7 Ways to Save Money on Your Meds | MOBE

7 Ways to Save Money on Your Meds

It seems like prices have gone up everywhere, and we’re all looking for ways to lower our spending. Many people are cutting back on things like eating out or travel. But when it comes to your medications, skipping doses or going without your meds can be harmful to your health. Fortunately, there are ways to bring prices down on the medications you need. Check out seven tips to save money on your meds.

Know your coverage.

Each insurance plan has a list of the medications it covers. This list is called a “formulary.” Check it at least once a year, or whenever you have a new medication, to see if your meds are covered. If not, ask your health care provider to send a “prior authorization.” This explains why you need the medication and asks your insurance company to cover it. They will then decide whether to provide coverage.

Consider generics.

Generic versions can be 80–85% cheaper than brand-name medications.1 Plus, generics have the same strength, quality, safety, and manufacturing standards as brand-name meds. The color, shape, or size of the medications could be different, but these differences should not impact how the meds work in your body.

Ask your provider about alternatives.

There may be other medications that can treat your condition. Talk with your health care provider, pharmacist, or insurance company about less expensive options that work in the same or a similar way.

Shop by mail-order or online.

Check to see if your insurance plan offers prescriptions at a lower cost from mail-order pharmacies. For online pharmacies, shop carefully—some don’t take insurance.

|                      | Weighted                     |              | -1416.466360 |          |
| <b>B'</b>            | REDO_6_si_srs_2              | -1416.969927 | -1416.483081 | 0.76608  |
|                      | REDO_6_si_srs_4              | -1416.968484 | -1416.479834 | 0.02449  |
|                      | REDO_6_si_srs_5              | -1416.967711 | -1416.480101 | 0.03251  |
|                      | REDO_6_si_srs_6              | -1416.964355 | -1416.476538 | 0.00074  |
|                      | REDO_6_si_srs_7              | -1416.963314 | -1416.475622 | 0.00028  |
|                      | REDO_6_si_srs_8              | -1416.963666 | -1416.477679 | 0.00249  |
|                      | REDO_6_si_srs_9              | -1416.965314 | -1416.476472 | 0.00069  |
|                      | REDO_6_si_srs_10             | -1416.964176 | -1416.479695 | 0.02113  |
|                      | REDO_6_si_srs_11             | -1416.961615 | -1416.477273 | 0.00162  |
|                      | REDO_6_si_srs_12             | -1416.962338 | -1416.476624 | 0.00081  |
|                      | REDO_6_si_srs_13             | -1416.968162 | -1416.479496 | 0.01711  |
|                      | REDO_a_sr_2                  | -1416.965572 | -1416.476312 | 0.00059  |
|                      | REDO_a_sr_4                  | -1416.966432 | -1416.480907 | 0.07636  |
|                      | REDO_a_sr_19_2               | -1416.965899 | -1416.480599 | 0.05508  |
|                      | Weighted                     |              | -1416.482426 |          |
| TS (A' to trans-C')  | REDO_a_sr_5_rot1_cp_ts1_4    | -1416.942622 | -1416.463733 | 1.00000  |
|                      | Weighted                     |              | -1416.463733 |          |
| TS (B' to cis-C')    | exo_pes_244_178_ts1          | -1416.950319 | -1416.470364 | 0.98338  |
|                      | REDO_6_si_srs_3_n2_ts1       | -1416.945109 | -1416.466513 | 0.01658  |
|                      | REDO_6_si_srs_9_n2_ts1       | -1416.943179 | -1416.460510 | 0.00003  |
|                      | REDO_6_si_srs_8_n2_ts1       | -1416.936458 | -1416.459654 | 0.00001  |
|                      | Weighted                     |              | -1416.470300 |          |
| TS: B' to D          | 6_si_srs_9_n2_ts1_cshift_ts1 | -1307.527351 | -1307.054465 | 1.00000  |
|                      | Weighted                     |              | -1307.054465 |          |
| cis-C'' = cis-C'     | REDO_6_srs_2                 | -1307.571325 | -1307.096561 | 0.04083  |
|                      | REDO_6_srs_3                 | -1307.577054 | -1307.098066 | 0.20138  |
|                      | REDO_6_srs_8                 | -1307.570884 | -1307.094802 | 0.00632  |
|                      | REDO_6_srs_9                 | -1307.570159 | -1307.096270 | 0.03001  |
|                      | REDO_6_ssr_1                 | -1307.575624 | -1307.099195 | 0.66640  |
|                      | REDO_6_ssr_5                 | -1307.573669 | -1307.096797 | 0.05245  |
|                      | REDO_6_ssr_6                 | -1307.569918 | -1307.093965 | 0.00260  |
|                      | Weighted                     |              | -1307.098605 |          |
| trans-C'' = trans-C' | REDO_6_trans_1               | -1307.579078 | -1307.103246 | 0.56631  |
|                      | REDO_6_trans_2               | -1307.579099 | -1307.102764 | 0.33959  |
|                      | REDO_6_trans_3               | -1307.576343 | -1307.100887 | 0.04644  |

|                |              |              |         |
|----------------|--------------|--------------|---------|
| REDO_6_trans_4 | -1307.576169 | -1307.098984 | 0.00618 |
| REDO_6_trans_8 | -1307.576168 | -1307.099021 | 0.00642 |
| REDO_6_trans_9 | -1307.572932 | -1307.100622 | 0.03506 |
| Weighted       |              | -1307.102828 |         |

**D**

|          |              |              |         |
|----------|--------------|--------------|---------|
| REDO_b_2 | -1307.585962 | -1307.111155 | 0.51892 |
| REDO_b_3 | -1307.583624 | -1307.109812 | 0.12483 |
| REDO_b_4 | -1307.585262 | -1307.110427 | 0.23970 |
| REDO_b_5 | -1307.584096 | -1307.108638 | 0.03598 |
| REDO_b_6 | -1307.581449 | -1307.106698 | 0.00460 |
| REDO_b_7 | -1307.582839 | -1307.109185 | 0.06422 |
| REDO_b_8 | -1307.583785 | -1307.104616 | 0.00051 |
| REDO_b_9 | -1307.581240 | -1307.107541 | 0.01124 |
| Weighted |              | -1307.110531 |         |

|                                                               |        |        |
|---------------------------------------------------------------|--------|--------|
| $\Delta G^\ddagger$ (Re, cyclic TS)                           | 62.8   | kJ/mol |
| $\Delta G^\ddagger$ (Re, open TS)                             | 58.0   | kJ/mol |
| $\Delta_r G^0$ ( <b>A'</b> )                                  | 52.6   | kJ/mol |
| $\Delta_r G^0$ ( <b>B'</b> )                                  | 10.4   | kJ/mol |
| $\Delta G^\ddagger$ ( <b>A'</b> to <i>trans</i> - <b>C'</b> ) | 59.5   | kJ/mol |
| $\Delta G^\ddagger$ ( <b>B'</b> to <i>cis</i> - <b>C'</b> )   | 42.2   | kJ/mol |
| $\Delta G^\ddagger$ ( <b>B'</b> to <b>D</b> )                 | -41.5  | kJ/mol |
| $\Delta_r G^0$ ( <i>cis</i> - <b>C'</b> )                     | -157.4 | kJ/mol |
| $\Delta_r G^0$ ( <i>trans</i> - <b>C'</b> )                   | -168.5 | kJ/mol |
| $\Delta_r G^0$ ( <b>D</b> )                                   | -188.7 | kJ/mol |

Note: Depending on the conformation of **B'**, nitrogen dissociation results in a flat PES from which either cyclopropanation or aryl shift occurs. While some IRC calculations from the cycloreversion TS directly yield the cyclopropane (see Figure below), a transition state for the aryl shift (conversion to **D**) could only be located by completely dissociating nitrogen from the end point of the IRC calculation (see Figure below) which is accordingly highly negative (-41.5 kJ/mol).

Try a 90-day supply.

If you're taking a long-term medication, most insurance plans will cover a 90-day supply at a lower cost. Ask your pharmacist to fill your prescription for 90 days instead of the usual one-month supply.

Look for coupons and discount cards.

Check medication manufacturer websites for coupons or offers. Another option is a prescription savings card from companies like GoodRx, ScriptSave WellRx, RxSaver, and SingleCare. Some insurers don’t allow savings cards, so check your coverage first.

Try a Patient Assistance Program (PAP).

Check your medication manufacturer’s website to see if you qualify for assistance programs. These usually have strict income limits, so they don’t work for everyone. You can also try an assistance company like NeedyMeds, RxHope, or RxAssist.

If medication costs are a concern, it’s important to get support. Along with the tips above, ask your health care providers if they have resources like social workers or pharmacists who can help you find other solutions. Or talk to a licensed MOBE Pharmacist. They can help you lower your costs, minimize risks, and make the most of your medications—including prescriptions, over-the-counter medications, herbals, and supplements. Get started today.


1. "Generic Drugs: Questions & Answers," U.S. Food & Drug Administration, March 16, 2021, accessed November 28, 2022, https://www.fda.gov/drugs/frequently-asked-questions-popular-topics/generic-drugs-questions-answers#q4.